Human Rights Watch urges Thai authorities to release teenager detained for defaming monarchy News
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Human Rights Watch urges Thai authorities to release teenager detained for defaming monarchy

Human Rights Watch (HRW) Friday called on Thai authorities to release a 15-year-old student activist who was detained after allegedly defaming the nation’s monarchy. Thanalop “Yok” Phalanchai was arrested in Bangkok on 28 March after police accused her of criticising the monarchy during a protest rally in October 2022. She was later charged with lèse-majesté (insulting the monarchy) offences and is being held at the Justice Ministry’s Ban Pranee Juvenile Vocational Training Centre for Girls in Nakhon Pathom awaiting trial.

Asia director for Human Rights Watch Elaine Pearson called for authorities to release Thanalop and drop the charges.“By arresting a 15-year-old girl, the Thai government is sending the spine-chilling message that even children aren’t safe from being harshly punished for expressing their opinions,” Pearson said.

Thanalop was charged for allegedly violating article 112 of Thailand’s criminal code, which states, “Whoever defames, insults or threatens the King, the Queen, the Heir-apparent or the Regent, shall be punished with imprisonment of three to fifteen years.”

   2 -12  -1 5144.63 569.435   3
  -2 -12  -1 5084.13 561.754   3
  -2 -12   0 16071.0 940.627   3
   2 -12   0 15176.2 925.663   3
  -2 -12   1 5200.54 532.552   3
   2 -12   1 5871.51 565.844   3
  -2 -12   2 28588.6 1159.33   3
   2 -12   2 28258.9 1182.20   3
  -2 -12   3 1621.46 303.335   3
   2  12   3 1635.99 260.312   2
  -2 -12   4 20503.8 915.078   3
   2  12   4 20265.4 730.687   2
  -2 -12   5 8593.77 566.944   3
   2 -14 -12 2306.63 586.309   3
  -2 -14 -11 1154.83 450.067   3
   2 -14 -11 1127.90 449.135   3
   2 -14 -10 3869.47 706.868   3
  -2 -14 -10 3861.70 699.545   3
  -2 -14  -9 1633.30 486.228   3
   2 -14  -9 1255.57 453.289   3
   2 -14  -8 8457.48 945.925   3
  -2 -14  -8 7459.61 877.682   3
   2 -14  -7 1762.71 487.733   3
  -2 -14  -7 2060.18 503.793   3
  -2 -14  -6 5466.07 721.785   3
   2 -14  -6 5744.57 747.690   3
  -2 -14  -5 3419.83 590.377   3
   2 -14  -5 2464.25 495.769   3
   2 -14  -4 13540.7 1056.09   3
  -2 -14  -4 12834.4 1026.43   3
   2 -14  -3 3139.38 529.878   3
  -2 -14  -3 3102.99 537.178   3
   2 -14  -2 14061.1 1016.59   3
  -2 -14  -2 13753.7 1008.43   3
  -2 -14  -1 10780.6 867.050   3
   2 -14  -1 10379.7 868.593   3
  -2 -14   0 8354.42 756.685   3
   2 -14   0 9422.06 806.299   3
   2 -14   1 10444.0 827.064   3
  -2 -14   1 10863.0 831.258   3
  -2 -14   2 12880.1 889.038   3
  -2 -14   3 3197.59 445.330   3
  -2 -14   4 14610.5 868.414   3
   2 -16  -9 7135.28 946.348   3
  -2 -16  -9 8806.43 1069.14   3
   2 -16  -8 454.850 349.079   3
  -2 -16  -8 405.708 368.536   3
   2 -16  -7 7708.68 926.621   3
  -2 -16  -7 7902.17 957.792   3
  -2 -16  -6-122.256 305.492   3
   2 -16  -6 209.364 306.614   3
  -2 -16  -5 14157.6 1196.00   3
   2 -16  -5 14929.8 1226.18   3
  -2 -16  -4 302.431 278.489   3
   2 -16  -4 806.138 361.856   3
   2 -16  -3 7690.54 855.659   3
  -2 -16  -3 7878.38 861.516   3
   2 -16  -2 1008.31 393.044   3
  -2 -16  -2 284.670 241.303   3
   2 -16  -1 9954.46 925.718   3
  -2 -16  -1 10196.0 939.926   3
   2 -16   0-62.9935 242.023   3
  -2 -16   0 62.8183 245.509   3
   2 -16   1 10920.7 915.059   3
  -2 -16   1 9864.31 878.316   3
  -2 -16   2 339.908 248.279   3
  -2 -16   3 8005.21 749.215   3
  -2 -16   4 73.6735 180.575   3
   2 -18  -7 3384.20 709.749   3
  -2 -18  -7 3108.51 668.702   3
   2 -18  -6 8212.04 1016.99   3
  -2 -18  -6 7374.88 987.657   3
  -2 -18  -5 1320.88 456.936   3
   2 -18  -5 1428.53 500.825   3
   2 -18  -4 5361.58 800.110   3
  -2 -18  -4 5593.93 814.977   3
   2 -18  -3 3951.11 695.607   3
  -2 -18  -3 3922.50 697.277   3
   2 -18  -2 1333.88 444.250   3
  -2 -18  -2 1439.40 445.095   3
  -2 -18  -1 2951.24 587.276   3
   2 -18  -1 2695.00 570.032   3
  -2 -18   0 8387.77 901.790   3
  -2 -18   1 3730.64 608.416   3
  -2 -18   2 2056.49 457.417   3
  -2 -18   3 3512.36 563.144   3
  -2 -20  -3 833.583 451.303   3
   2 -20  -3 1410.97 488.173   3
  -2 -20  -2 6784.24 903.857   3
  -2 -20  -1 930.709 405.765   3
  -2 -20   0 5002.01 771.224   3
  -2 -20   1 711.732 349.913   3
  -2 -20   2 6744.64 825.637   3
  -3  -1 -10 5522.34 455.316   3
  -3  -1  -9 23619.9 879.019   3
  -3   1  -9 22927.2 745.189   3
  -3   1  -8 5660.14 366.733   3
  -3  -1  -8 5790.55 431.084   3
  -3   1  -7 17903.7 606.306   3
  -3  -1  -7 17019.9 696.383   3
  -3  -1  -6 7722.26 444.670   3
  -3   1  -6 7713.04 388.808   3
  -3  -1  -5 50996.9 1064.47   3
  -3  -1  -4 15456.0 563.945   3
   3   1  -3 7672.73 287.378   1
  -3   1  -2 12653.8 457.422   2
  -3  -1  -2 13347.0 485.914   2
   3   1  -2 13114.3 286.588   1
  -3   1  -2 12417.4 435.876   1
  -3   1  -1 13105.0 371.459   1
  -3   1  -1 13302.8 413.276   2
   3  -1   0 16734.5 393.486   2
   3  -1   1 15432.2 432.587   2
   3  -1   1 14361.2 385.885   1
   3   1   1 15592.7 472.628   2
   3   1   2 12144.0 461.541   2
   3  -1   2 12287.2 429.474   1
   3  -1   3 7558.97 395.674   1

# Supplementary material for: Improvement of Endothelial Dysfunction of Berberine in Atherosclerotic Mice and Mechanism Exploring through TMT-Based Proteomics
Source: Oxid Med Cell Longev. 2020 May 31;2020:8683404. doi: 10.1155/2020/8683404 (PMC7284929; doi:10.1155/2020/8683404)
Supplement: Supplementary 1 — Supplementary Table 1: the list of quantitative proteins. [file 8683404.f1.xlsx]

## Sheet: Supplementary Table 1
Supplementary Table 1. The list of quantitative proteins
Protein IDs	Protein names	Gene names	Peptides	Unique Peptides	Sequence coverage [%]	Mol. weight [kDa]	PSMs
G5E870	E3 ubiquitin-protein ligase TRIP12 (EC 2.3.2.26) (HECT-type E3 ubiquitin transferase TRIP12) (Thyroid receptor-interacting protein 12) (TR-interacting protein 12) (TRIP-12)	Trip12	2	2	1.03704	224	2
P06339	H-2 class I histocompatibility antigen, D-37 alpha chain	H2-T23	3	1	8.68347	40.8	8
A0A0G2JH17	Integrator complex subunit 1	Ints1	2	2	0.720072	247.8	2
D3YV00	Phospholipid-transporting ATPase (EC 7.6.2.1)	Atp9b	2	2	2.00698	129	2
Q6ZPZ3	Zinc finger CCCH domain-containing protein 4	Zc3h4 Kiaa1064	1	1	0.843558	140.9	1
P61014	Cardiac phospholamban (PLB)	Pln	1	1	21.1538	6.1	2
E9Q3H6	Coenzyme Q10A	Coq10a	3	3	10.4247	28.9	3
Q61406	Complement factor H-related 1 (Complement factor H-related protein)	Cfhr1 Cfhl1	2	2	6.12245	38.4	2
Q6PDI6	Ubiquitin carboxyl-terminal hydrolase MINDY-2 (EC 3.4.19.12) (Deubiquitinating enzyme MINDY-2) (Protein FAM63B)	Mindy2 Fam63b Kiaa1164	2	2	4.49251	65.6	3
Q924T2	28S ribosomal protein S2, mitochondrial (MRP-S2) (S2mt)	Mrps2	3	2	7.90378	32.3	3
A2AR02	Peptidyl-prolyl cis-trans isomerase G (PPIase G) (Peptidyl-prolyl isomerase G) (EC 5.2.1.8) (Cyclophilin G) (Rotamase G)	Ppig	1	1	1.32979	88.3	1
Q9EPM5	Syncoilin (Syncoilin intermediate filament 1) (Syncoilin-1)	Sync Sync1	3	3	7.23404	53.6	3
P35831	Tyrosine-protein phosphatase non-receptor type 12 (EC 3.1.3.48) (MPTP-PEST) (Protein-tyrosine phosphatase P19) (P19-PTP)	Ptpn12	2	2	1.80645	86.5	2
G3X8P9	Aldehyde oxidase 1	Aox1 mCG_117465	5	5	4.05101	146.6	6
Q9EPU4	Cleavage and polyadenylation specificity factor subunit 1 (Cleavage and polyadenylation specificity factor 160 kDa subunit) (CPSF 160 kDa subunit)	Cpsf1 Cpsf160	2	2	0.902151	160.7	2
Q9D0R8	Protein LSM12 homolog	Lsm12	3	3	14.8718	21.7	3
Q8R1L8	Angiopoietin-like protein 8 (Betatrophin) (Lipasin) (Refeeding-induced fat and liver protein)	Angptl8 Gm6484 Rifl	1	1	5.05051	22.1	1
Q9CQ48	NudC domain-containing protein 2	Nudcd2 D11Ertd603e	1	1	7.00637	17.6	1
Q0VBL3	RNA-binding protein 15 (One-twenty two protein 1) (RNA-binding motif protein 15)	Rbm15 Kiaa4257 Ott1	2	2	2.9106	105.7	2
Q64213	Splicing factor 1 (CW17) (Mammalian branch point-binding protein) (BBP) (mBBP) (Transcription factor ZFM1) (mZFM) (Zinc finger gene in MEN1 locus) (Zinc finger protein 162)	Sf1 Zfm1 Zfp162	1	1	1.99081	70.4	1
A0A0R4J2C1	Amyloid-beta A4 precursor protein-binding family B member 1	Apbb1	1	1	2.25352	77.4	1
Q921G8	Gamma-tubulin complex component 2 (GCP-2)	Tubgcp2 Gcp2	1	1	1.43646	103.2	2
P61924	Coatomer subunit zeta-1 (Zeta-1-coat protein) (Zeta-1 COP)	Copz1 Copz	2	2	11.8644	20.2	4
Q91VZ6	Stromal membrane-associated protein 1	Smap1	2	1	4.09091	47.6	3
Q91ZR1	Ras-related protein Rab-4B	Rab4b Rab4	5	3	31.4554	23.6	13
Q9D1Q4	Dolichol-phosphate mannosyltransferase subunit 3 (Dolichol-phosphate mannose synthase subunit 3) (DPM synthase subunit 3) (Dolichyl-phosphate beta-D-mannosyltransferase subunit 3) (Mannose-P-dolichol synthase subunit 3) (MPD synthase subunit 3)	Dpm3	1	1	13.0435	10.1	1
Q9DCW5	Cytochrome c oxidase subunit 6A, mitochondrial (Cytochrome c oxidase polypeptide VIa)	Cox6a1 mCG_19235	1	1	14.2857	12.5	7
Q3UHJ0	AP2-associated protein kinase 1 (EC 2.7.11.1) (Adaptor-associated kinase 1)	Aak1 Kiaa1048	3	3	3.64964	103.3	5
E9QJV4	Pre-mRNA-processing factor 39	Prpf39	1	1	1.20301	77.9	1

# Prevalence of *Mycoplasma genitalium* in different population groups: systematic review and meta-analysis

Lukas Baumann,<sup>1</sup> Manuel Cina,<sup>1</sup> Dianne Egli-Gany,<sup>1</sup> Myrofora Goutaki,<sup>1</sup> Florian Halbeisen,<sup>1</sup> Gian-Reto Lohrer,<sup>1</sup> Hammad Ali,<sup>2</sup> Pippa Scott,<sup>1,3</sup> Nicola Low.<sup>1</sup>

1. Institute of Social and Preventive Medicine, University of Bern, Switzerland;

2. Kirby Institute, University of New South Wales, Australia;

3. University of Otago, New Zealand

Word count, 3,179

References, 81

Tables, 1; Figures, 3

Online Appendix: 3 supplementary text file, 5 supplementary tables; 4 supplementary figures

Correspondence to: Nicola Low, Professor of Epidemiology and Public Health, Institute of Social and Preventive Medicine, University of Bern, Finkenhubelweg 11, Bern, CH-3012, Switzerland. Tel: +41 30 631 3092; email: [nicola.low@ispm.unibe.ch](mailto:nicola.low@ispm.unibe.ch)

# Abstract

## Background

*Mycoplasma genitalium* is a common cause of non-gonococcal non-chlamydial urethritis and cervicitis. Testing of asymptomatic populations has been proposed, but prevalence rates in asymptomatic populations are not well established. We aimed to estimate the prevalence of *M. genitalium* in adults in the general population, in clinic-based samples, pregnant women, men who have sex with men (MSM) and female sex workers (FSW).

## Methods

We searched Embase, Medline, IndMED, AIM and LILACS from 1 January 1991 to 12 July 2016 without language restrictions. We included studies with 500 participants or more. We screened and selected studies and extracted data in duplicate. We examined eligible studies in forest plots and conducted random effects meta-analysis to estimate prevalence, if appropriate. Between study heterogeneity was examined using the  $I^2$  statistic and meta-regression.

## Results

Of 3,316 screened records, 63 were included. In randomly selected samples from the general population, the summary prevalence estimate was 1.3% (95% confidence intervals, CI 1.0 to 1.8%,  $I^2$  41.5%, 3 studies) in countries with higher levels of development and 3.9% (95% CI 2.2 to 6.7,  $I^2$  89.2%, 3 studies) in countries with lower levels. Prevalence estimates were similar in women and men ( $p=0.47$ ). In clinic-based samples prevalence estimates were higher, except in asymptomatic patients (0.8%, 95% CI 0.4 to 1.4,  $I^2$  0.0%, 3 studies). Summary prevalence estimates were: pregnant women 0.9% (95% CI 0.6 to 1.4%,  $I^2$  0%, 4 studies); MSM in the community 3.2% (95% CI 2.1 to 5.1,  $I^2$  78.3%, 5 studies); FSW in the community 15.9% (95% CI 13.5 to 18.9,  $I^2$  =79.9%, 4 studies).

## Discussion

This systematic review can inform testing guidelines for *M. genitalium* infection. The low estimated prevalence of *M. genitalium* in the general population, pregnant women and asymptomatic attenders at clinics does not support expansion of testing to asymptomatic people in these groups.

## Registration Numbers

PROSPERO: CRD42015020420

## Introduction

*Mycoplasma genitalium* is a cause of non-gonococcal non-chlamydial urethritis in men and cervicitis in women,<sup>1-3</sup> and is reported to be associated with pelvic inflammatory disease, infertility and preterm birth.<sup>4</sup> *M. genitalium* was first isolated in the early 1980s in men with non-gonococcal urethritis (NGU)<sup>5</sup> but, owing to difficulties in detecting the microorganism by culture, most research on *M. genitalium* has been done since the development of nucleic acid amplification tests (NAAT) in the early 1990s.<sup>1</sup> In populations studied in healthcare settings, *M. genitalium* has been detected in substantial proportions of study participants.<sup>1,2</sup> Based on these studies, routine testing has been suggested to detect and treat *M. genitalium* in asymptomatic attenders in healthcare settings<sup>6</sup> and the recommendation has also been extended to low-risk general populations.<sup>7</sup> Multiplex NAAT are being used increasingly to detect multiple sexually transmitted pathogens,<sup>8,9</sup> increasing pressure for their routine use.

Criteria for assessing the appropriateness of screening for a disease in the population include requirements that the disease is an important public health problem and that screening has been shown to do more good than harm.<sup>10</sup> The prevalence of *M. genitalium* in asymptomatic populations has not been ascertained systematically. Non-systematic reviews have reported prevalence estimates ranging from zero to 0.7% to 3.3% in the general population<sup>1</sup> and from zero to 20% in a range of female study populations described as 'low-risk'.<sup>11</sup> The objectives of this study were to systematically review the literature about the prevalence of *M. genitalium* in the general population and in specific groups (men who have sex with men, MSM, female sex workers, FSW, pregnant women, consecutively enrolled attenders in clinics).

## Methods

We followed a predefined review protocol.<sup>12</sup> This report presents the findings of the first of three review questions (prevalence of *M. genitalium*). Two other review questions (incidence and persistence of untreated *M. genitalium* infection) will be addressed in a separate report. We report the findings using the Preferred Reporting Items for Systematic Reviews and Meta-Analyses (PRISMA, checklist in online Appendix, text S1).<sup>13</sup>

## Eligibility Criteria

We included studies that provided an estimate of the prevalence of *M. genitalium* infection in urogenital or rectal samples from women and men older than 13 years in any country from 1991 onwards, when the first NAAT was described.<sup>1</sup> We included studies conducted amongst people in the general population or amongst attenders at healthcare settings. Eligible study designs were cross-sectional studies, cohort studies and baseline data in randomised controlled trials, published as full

HRW highlighted how Thanalop’s detainment is in violation of multiple international human rights. HRW specifically claimed Thai authorities were violating article 37 of the Convention on the Rights of the Child and article 9 of the International Covenant on Civil and Political Rights by imprisoning Thanalop. HRW also stated that lèse-majesté prosecutions violate freedom of expression protected under General Comment 34 of the UN Human Rights Committee.

Thailand is a constitutional monarchy ruled by head of state King Maha Vajiralongkorn, and head of government, prime minister Prayut Chan-ocha. Arrests under defamation laws have increased significantly since 2020 after Chan-ocha ordered article 112 to be restored. Between mid-2020 and September 2022, at least 1,860 individuals, including 283 children, were charged under lèse-majesté laws. The UN has previously called for article 112 to be repealed and for the release of those imprisoned on defamation charges.

The rally at Bangkok City Hall in October 2022 called for the release of political detainees and abolition of royal defamation prosecutions.